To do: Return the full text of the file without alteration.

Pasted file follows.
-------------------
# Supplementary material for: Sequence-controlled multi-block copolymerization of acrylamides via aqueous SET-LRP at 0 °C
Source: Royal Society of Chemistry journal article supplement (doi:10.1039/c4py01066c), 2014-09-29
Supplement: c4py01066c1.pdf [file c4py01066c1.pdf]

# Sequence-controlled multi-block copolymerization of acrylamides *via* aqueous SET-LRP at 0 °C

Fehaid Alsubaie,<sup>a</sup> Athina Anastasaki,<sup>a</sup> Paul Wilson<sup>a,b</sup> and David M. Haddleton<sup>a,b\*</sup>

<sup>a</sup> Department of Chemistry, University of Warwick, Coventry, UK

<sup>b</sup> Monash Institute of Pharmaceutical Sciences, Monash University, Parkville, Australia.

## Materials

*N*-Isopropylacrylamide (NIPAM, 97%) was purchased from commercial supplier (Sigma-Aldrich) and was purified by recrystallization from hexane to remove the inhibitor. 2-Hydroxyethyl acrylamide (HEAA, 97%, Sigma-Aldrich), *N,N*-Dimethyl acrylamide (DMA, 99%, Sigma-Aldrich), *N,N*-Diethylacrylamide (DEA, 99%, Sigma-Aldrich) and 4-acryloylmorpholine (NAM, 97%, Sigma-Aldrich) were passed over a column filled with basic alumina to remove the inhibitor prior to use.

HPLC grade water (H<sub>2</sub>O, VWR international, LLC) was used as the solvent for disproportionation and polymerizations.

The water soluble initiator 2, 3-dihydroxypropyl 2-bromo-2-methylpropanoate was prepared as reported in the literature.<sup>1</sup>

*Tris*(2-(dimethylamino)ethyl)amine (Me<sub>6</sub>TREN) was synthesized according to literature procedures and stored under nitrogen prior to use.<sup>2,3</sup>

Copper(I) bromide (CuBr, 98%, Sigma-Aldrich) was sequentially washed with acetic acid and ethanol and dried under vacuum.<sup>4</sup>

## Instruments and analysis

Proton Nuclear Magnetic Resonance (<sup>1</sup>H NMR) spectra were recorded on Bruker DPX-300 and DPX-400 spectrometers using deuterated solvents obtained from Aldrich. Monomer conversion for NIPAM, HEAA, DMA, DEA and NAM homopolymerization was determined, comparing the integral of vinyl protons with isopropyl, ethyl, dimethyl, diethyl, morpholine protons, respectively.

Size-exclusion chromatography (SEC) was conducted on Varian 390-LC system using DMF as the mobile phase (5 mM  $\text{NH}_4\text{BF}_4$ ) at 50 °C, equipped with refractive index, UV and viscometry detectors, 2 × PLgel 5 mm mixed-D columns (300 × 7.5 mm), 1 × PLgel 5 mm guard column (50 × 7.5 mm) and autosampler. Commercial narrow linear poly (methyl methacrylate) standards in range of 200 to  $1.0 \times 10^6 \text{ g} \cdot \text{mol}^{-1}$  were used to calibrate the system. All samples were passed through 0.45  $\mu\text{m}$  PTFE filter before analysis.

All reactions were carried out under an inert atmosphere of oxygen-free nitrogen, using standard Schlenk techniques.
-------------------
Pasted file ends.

# Supplementary material for: Sequence-controlled multi-block copolymerization of acrylamides via aqueous SET-LRP at 0 °C
Source: Royal Society of Chemistry journal article supplement (doi:10.1039/c4py01066c), 2014-09-29
Supplement: c4py01066c1.pdf [file c4py01066c1.pdf]

# Sequence-controlled multi-block copolymerization of acrylamides *via* aqueous SET-LRP at 0 °C

Fehaid Alsubaie,<sup>a</sup> Athina Anastasaki,<sup>a</sup> Paul Wilson<sup>a,b</sup> and David M. Haddleton<sup>a,b\*</sup>

<sup>a</sup> Department of Chemistry, University of Warwick, Coventry, UK

<sup>b</sup> Monash Institute of Pharmaceutical Sciences, Monash University, Parkville, Australia.

## Materials

*N*-Isopropylacrylamide (NIPAM, 97%) was purchased from commercial supplier (Sigma-Aldrich) and was purified by recrystallization from hexane to remove the inhibitor. 2-Hydroxyethyl acrylamide (HEAA, 97%, Sigma-Aldrich), *N,N*-Dimethyl acrylamide (DMA, 99%, Sigma-Aldrich), *N,N*-Diethylacrylamide (DEA, 99%, Sigma-Aldrich) and 4-acryloylmorpholine (NAM, 97%, Sigma-Aldrich) were passed over a column filled with basic alumina to remove the inhibitor prior to use.

HPLC grade water (H<sub>2</sub>O, VWR international, LLC) was used as the solvent for disproportionation and polymerizations.

The water soluble initiator 2, 3-dihydroxypropyl 2-bromo-2-methylpropanoate was prepared as reported in the literature.<sup>1</sup>

*Tris*(2-(dimethylamino)ethyl)amine (Me<sub>6</sub>TREN) was synthesized according to literature procedures and stored under nitrogen prior to use.<sup>2,3</sup>

Copper(I) bromide (CuBr, 98%, Sigma-Aldrich) was sequentially washed with acetic acid and ethanol and dried under vacuum.<sup>4</sup>

## Instruments and analysis

Proton Nuclear Magnetic Resonance (<sup>1</sup>H NMR) spectra were recorded on Bruker DPX-300 and DPX-400 spectrometers using deuterated solvents obtained from Aldrich. Monomer conversion for NIPAM, HEAA, DMA, DEA and NAM homopolymerization was determined, comparing the integral of vinyl protons with isopropyl, ethyl, dimethyl, diethyl, morpholine protons, respectively.

Size-exclusion chromatography (SEC) was conducted on Varian 390-LC system using DMF as the mobile phase (5 mM  $\text{NH}_4\text{BF}_4$ ) at 50 °C, equipped with refractive index, UV and viscometry detectors, 2 × PLgel 5 mm mixed-D columns (300 × 7.5 mm), 1 × PLgel 5 mm guard column (50 × 7.5 mm) and autosampler. Commercial narrow linear poly (methyl methacrylate) standards in range of 200 to  $1.0 \times 10^6 \text{ g} \cdot \text{mol}^{-1}$  were used to calibrate the system. All samples were passed through 0.45  $\mu\text{m}$  PTFE filter before analysis.

All reactions were carried out under an inert atmosphere of oxygen-free nitrogen, using standard Schlenk techniques.